The Cleaners Part 34: Showdown

No sooner had I stated my intention than Flora put her hand to her ear again. I wasted no time, going around the table the way where there were not three frozen Helpers just waiting to collapse and start grabbing for me. “Selling out humanity?” asked a familiar voice from the living room, “If the price is rie rie rie right, isn’t that right Diane? Diane Diane Diane?”

The nearer Helpers weren’t moving at all. Ella could only control one at a time! At least I hoped that was what was happening. I was slow, but the voice from the living room was slower. By the time I’d made it to Flora, she’d only been able to use the table to heft herself up from her chair. “Ella!” she shouted into her ear-piece, “if I don’t contact you again in an hour – ” I reached out and yanked it off of her head, feeling something small and plastic snap. Stiff with defiance, Flora continued speaking, now at the top of her lungs, glancing back toward the Helper behind her, which was still shouting my name. “You should deactivate the safety right away! Without Diane’s help there’s no preliminary organization we can do!” I threw the earpiece to the floor and, reaching a hand out to the table to steady myself, stomped on it with all my might. Then I reached out to try and push Flora back into her chair. “Their blood will be on your hands Diane!” she was screeching, “All the additional people who die because you couldn’t see past your shallow ideals to help us do what needs to be done!” She sat down before my hand reached her, confirming that she was as fragile as I thought she might be.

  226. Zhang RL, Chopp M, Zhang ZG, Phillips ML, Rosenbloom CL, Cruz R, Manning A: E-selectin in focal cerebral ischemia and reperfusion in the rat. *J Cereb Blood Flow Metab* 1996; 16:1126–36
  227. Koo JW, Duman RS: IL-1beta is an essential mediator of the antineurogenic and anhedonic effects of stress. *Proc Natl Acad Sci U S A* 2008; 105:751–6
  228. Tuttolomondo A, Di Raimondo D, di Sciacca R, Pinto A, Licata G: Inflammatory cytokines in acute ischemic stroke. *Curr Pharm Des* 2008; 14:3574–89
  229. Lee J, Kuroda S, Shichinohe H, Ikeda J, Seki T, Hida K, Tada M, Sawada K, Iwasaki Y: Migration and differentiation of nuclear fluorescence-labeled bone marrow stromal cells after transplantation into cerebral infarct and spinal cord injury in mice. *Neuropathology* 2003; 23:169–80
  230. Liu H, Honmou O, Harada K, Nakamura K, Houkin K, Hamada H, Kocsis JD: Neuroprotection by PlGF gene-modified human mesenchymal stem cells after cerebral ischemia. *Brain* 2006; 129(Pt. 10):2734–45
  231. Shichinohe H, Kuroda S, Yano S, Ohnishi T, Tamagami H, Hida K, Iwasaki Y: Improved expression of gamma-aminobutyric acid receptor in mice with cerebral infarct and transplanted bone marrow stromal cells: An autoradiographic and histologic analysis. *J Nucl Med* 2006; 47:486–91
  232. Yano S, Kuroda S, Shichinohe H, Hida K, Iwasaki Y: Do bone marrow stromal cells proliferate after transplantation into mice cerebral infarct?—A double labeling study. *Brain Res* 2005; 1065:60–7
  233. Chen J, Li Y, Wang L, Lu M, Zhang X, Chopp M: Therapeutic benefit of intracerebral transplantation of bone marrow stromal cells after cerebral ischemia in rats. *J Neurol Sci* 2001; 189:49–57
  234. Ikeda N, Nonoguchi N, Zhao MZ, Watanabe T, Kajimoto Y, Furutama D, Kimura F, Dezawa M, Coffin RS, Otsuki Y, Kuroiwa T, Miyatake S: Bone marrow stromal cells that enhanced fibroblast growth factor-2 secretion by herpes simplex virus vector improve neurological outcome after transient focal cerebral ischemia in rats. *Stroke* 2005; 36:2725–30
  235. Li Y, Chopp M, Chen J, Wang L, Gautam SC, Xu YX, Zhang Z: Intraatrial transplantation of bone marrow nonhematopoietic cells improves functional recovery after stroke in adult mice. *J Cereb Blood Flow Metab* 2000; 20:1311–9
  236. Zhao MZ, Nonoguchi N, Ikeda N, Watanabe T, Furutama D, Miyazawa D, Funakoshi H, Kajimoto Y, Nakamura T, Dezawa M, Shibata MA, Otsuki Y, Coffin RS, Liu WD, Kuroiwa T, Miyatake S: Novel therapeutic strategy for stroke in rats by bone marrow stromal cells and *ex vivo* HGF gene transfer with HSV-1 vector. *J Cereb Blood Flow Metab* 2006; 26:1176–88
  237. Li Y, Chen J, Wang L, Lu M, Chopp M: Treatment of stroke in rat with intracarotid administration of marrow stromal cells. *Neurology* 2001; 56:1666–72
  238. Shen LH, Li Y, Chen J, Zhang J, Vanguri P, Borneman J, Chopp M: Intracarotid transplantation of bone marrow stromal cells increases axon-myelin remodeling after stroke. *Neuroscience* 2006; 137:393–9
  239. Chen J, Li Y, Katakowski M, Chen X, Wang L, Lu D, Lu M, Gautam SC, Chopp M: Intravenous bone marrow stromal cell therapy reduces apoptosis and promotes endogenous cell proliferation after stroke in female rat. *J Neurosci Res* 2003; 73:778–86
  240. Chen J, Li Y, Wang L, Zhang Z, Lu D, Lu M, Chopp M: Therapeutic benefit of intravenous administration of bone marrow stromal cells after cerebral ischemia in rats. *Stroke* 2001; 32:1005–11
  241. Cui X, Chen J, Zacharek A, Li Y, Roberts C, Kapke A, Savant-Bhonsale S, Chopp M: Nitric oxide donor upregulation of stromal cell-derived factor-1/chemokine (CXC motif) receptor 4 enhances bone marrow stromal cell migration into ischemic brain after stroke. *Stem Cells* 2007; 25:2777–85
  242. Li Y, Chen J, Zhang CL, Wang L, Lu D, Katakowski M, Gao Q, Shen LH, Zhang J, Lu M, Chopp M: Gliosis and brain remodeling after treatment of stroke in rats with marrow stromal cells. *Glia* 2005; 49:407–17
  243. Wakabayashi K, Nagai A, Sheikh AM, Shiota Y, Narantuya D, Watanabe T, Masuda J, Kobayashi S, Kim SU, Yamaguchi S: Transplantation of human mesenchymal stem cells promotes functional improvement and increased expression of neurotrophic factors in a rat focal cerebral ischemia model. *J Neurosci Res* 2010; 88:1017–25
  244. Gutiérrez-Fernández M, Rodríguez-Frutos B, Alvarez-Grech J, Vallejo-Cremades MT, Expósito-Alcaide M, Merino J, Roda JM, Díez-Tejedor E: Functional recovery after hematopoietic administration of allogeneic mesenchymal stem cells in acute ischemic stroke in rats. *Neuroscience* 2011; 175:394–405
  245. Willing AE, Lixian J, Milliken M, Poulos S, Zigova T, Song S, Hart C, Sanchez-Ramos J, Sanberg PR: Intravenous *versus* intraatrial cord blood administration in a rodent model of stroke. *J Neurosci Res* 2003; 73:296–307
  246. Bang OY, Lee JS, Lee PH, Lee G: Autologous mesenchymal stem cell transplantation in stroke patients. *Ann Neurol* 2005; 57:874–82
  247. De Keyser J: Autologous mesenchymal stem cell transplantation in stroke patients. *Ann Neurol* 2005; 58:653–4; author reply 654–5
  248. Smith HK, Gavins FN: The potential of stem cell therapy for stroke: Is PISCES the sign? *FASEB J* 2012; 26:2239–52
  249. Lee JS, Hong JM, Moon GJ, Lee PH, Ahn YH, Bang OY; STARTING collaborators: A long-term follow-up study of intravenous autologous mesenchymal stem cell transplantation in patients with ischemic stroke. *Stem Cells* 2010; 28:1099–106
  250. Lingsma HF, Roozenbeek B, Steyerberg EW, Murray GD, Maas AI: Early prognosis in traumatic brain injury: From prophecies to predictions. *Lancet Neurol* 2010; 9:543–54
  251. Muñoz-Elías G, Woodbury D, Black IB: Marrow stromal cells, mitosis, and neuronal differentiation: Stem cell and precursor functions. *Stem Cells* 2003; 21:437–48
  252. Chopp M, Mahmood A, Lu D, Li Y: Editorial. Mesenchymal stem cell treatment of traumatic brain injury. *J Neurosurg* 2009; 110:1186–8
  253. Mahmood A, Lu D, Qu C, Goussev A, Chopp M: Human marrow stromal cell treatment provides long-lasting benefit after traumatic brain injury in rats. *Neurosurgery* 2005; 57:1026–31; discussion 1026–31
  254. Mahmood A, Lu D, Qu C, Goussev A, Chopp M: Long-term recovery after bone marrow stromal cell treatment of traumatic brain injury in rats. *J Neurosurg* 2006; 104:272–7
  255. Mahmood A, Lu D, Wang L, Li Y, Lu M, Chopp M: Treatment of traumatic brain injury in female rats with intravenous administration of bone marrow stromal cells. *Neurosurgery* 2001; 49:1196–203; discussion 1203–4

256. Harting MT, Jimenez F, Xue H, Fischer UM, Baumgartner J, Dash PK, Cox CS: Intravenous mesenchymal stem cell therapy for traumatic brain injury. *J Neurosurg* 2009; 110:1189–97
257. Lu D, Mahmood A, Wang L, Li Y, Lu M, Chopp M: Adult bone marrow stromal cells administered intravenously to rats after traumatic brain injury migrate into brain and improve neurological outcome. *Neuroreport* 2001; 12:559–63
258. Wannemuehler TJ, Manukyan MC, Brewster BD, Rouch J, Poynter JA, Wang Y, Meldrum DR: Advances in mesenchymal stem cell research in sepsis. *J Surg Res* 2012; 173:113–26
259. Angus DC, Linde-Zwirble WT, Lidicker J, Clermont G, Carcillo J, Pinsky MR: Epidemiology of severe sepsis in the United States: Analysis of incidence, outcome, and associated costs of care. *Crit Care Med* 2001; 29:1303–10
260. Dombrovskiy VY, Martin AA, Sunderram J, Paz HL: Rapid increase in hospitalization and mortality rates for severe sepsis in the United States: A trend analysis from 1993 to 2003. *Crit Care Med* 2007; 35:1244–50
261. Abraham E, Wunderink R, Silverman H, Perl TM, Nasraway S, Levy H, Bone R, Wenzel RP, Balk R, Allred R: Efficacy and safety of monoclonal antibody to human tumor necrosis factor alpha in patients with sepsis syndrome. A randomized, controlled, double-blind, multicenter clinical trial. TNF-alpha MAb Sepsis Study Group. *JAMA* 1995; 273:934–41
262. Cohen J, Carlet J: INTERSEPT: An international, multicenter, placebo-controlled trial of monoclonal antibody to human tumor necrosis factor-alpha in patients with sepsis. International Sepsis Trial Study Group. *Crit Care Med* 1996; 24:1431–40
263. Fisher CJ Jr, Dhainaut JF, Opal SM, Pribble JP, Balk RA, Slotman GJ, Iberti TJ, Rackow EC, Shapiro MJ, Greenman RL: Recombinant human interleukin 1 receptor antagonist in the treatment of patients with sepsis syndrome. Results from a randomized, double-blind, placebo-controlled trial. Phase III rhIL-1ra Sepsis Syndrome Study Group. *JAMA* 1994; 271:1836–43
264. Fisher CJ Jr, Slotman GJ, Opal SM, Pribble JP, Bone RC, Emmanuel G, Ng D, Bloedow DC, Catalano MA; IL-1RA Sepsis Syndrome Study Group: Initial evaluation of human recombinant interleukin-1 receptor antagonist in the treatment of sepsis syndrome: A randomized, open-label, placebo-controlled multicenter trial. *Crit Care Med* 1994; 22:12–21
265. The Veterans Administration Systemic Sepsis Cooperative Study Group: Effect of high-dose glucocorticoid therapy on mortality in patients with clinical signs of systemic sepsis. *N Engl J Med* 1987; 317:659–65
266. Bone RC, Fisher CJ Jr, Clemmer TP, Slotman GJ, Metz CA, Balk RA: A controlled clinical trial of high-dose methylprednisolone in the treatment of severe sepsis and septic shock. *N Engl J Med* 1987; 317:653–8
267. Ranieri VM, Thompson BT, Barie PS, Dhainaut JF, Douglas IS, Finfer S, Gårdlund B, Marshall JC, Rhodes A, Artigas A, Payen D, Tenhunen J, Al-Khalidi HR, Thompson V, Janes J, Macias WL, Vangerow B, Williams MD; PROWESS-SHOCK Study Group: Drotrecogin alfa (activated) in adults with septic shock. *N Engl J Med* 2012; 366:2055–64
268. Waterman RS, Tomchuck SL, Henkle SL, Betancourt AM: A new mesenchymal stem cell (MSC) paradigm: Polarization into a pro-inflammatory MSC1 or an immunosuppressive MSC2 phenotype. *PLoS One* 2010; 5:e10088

If anyone deserves to die… How many people can you save if you just push over this chair?

I saw the zombie helper, its flashing screen showing stock footage of animals led to slaughter and dripping blood. It couldn’t be more than a minute away. “What will you say to their families Diane!?” taunted Flora over the din of clanking and screeching metal and my name shouted endlessly. “I’m sorry you lost your son Mrs. Smith, but it was between him and some robots!” Her argument was absurd, but effective. If I failed more people would die than if I hadn’t tried.

Push the chair onto the Helper. A helper can be repaired after we’ve rid the world of murderous old women.

“What will I be then!?” I shouted at the suddenly terrifying voice in my head.

Flora, who thought I was responding to her, didn’t know what to make of my words. The Helper was at her chair, trying and failing to reach me through the legs with noisy, scraping grasps and increasingly shrill shouts of “DIANE! DIANE!” After a few attempts, it started making its way around the chair.